Thursday, 24 September 2009

Choir Practice

When you think how much time is spent working with drunks and people with a host of issues, you would think we would be quite good at spotting those officers with the same problems. I've obviously worked with people who like a good drink, but have never been able to see when the alcohol and work thing has gone too far.

I should know better having come from the army with a massive peer group drinking culture. In that environment the pressure to consume and hold your drink was immense. Every night would involve massive drinking sessions and I rarely took to my bed without the ceiling spinning. Of course returning to the UK on leave meant I could show off my new found drinking capacity. It was stupid considering the drinking culture continued on exercise and we were in charge of some dangerous kit. I used to rebel against this by going on fitness drives, and keeping out of the bar for 6 week periods especially when I started getting the shakes. I still keep in touch with my old comrades on specialised army reunion sites. Many who stayed in for the full term make no secret of their alcohol problems.

I can't speak for the CID but my general feel is that we in the uniformed police have moved away from a drinking culture. The days of the team drink after early turn are gone but I have heard of a few brave souls who manage to get out straight after their last night shift for an early morning session. As a supervisor I tend to keep clear just in case some inappropriate conduct from others gets me in the shite. I'm a firm believer in police, drink and the public not mixing unless it's a tried and tested establishment.

I do miss going to the police local where we had one side of the bar and the general public had the other. It worked well and the landlord (old fashioned pub) did very well out of the arrangement. Shift pattern changes and people travelling from further a field really saw the impromptu drink consigned to history.

I don't know what people get up to in their own time. A few of the single officers who lived in police accommodation were of course at risk of getting caught up in a drinking culture similar to me in the army. I don't know where a good drink becomes a drink problem and then alcoholism.

I bumped into a friend the other day who has had his problems with drink. He was an ex squaddie and never really got out of that lifestyle. His problems were known to the job who didn't really know what to do so they did nothing. He was working in the CID environment at the time and I wonder if that was the reason. It wasn't until he nearly lost his job that he started to sort himself out. He is now dry, attends AA meetings and is doing well in his job, a specialised role. He is helping out as a mentor to those with alcohol issues within the job and told me of the stigma attached to alcoholism.

Under the new misconduct regulations he would have been dismissed from the job, without any doubt. They would have lost a good police officer. I do wonder if every case should be treated on it's merits with regards to those with obvious alcohol problems that exist within this job, where people have missed or ignored it. Of course ultimately the person concerned has a responsibility to seek help too.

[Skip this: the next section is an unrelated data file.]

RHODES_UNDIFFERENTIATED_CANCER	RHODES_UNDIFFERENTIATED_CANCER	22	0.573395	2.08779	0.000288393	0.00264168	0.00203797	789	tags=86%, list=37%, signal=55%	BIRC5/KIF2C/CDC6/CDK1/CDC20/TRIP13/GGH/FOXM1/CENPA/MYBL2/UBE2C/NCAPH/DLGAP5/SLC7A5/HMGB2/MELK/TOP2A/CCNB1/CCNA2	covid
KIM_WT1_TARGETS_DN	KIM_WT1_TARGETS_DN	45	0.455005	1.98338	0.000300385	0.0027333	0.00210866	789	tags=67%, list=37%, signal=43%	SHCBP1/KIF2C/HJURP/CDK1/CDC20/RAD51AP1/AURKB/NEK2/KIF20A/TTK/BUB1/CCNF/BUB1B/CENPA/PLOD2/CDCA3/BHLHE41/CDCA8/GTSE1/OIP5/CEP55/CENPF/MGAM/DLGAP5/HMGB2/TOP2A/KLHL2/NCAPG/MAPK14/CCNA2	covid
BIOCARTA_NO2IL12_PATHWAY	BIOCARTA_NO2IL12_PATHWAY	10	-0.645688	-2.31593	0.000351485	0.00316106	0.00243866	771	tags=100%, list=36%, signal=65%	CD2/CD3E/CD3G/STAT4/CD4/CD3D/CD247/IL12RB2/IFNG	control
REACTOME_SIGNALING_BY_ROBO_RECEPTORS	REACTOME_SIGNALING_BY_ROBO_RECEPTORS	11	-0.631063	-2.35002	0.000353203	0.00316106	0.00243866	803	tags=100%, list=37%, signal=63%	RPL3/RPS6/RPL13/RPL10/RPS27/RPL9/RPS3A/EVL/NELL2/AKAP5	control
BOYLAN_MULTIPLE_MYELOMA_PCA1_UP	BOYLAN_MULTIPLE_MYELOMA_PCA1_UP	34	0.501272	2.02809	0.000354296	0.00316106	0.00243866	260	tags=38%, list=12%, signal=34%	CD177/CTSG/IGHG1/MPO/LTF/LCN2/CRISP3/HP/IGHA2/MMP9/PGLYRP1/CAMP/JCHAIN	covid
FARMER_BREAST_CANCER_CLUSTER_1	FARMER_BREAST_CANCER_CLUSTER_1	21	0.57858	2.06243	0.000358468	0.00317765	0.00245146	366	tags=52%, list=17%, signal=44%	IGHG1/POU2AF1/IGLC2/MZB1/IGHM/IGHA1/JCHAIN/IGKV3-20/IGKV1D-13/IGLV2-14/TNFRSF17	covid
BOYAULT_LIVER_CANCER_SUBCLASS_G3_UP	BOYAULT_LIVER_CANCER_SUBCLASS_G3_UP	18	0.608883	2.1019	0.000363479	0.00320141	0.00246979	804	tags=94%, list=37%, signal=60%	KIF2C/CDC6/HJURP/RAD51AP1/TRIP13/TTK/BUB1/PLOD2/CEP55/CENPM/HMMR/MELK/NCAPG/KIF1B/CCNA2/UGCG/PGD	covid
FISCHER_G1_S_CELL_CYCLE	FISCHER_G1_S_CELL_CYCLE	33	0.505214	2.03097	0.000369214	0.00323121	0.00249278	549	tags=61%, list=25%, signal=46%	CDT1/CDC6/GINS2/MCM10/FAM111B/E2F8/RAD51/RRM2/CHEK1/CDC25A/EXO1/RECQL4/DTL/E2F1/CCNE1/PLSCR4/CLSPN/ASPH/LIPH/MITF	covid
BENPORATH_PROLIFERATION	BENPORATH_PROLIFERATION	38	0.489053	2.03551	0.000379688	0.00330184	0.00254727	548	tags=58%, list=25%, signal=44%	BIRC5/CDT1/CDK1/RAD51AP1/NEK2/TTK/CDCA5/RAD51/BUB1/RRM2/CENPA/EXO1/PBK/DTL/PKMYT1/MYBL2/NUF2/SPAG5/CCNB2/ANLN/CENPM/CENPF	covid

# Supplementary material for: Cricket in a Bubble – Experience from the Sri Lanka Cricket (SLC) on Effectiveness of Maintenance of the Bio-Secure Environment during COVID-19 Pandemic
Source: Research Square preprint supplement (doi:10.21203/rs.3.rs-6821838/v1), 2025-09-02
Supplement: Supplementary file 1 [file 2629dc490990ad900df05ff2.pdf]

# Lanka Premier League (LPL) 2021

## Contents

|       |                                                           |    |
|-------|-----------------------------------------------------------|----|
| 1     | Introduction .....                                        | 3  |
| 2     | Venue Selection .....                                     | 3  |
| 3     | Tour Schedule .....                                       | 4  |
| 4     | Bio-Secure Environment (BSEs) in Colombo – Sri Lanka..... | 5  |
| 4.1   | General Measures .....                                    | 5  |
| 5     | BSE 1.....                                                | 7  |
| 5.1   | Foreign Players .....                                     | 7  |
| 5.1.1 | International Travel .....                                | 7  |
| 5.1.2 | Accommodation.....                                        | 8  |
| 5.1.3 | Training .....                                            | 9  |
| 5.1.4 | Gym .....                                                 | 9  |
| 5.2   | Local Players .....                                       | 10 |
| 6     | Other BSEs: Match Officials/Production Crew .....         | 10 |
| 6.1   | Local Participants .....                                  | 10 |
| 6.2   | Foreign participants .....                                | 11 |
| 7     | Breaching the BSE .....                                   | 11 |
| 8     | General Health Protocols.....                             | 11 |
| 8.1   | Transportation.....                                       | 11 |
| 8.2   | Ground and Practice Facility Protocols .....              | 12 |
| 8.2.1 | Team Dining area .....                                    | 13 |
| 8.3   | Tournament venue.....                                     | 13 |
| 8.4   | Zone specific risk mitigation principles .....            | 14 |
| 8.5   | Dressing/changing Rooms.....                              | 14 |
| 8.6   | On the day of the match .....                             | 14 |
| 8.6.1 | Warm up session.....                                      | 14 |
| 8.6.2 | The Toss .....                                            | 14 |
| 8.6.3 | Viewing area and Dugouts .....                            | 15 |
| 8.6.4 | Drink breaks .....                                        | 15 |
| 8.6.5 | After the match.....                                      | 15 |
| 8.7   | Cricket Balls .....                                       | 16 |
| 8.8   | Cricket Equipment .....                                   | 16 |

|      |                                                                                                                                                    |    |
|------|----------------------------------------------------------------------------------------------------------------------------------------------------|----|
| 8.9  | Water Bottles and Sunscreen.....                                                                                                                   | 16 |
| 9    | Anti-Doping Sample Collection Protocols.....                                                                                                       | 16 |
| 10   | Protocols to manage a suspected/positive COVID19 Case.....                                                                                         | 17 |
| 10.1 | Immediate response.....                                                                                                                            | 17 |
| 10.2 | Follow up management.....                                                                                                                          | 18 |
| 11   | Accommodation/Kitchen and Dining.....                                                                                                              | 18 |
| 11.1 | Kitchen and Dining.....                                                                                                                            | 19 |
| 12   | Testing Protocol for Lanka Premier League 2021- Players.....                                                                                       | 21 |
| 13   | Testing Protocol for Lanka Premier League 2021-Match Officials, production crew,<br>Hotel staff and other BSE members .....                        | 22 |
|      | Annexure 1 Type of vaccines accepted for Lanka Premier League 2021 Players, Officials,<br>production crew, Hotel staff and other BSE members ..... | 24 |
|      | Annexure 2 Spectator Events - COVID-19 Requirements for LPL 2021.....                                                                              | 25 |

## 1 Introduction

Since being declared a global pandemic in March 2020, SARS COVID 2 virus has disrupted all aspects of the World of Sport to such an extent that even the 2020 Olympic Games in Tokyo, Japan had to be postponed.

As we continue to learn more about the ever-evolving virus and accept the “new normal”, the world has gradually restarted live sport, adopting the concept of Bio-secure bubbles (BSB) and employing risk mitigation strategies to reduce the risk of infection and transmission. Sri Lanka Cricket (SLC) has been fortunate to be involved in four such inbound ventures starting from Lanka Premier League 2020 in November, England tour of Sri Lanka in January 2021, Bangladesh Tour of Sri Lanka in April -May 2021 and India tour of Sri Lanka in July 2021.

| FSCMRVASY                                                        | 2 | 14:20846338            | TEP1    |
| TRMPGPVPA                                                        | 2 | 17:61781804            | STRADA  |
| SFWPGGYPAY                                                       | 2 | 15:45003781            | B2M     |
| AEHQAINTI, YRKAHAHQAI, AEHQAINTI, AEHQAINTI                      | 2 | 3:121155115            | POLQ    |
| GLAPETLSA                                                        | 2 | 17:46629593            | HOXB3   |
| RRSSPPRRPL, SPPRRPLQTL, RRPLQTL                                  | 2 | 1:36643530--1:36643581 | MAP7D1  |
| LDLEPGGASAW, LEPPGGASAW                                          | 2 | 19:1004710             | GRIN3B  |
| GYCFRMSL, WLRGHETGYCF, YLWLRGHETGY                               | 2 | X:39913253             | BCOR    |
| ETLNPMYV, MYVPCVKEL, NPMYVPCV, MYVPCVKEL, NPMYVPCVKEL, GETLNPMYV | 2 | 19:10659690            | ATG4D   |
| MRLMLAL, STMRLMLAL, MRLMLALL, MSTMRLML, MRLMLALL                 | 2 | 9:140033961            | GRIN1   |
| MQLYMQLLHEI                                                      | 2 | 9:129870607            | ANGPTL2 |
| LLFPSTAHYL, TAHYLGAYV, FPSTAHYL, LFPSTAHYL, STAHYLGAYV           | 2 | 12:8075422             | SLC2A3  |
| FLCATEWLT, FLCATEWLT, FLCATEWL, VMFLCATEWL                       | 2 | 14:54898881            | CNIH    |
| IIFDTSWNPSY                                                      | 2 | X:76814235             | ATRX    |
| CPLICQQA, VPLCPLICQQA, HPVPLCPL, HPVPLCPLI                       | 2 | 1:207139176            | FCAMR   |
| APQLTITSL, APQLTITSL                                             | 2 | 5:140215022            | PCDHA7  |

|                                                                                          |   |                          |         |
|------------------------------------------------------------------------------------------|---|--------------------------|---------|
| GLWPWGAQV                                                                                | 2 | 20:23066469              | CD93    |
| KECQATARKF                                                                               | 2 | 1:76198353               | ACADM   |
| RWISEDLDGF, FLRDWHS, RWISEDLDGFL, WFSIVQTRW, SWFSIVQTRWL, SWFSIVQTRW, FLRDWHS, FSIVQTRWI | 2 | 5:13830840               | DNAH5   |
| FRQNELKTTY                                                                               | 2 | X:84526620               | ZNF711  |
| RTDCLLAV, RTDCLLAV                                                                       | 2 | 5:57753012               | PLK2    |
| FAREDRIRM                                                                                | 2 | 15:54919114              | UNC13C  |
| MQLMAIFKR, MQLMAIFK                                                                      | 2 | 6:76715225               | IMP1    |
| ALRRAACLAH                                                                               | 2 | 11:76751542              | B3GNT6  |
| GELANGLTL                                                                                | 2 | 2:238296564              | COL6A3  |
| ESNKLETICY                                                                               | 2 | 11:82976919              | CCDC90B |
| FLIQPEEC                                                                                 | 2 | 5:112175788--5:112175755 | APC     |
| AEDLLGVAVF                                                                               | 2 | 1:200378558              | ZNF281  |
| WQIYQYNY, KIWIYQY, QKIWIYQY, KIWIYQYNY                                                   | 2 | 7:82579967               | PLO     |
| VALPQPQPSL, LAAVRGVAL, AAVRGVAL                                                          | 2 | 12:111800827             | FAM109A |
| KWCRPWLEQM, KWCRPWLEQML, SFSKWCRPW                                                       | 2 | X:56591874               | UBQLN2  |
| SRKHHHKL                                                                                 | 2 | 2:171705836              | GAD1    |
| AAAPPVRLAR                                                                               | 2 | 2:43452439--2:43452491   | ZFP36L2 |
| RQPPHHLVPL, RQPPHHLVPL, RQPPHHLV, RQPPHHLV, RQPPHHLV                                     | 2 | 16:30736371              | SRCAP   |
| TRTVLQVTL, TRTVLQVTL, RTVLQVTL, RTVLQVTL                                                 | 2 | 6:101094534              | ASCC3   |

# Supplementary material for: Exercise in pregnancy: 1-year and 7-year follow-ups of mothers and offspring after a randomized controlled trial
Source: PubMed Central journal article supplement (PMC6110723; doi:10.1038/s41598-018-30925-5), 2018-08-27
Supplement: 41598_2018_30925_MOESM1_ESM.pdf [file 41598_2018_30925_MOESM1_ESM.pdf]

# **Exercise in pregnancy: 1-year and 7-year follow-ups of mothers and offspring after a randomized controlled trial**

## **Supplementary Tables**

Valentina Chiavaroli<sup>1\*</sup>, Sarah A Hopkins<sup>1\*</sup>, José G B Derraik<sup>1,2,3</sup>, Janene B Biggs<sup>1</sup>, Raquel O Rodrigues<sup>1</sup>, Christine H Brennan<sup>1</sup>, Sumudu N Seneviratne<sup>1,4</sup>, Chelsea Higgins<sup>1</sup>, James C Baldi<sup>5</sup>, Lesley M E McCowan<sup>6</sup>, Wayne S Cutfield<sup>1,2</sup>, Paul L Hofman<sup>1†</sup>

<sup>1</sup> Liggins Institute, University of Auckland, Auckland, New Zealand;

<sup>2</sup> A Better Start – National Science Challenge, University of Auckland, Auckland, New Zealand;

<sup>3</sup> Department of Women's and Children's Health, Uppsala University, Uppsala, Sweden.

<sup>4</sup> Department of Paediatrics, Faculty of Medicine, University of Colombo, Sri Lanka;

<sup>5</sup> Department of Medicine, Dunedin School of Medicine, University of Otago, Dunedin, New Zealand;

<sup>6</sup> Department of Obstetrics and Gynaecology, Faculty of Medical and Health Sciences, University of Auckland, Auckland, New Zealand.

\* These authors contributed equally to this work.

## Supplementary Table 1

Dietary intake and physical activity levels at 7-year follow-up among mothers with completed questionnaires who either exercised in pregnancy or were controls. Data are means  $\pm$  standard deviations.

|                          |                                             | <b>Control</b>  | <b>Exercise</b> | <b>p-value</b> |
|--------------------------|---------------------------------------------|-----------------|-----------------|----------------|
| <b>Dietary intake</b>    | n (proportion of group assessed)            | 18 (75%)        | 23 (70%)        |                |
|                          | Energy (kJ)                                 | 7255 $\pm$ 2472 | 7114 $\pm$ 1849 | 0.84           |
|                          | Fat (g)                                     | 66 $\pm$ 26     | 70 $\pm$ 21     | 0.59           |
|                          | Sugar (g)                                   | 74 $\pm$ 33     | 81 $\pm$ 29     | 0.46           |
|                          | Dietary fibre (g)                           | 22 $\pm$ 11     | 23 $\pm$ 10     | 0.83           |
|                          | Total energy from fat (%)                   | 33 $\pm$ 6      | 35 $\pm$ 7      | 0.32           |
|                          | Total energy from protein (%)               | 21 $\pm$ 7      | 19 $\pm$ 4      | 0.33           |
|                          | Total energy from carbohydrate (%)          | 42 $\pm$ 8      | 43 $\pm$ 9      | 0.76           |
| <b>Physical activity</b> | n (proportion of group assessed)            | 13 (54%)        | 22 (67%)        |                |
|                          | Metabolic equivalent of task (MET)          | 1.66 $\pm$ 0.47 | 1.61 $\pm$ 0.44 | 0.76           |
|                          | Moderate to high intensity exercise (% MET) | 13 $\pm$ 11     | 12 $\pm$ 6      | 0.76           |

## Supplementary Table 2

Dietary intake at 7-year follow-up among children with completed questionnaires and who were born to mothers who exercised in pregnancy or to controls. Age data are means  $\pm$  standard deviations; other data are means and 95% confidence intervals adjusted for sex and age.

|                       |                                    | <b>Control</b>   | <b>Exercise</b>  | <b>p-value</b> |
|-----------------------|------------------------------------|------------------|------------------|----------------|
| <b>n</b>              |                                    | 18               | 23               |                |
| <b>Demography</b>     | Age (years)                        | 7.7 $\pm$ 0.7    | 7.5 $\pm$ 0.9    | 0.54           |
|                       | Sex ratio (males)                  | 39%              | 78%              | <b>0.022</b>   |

Loved The Choirboys film and this scene a good example of a team drink going wrong !!! It was made in the 70's so excuse the obvious stereotyping of both police officer and gay member of the public!


Officer Dibble said...

I think the various changes in shift rota's had a lot to do with the move away from regular team drinking (and for single officers the closure of Section houses on Division).The old 4 week system was very rigid and the drink after earlies before the long weekend before nights began again was a natural vent for relaxing after a busy month.

Not sure if the uniform/CID divide made a difference. On observation both could put it away in large quantities when they want.

Agree about the The Choirboys film Great but it didnt do the book justice.

Dr Melvin T Gray said...

Were it the case that women always preferred a vomit stained, legless hunk to sober, able geek - I might have better understood the drinking culture.

The relevance of the homosexual scene ecapes me - especially when something so funny must stand alone. This one is undoubtedly on par with the great Roger de Bris scene from The Producers.

Metcountymounty said...

Most of the peeps on my team are in long term relationships or are married so after the 12 hour shifts we don't really do the post shift drink that often bar special occasions, but the early house is a different matter!! There is something quite novel and extremely destressing about finishing a set of night shifts, especially a mental one, and going for some really good breakfast and a few drinks at 7 in the morning. It can get messy if you carry it through to the afternoon and evening but that rarely happens thankfully because you're all shattered! You should give it a try SOC, seriously, by the time we all finish it's usually only coppers and A&E teams there so it's a nice place to relax without some dick ruining things after overhearing your conversations!

Stressed Out Cop said...


CID win hands down from what I see


Oh I have - Steak and eggs and pints of lager for brekkie. As you get older there's something that happens to your bladder that just says no.

I much preferred the "beer club" whilst employed in another place, ideal for a wind down especially after a big job.

All in moderation you understand..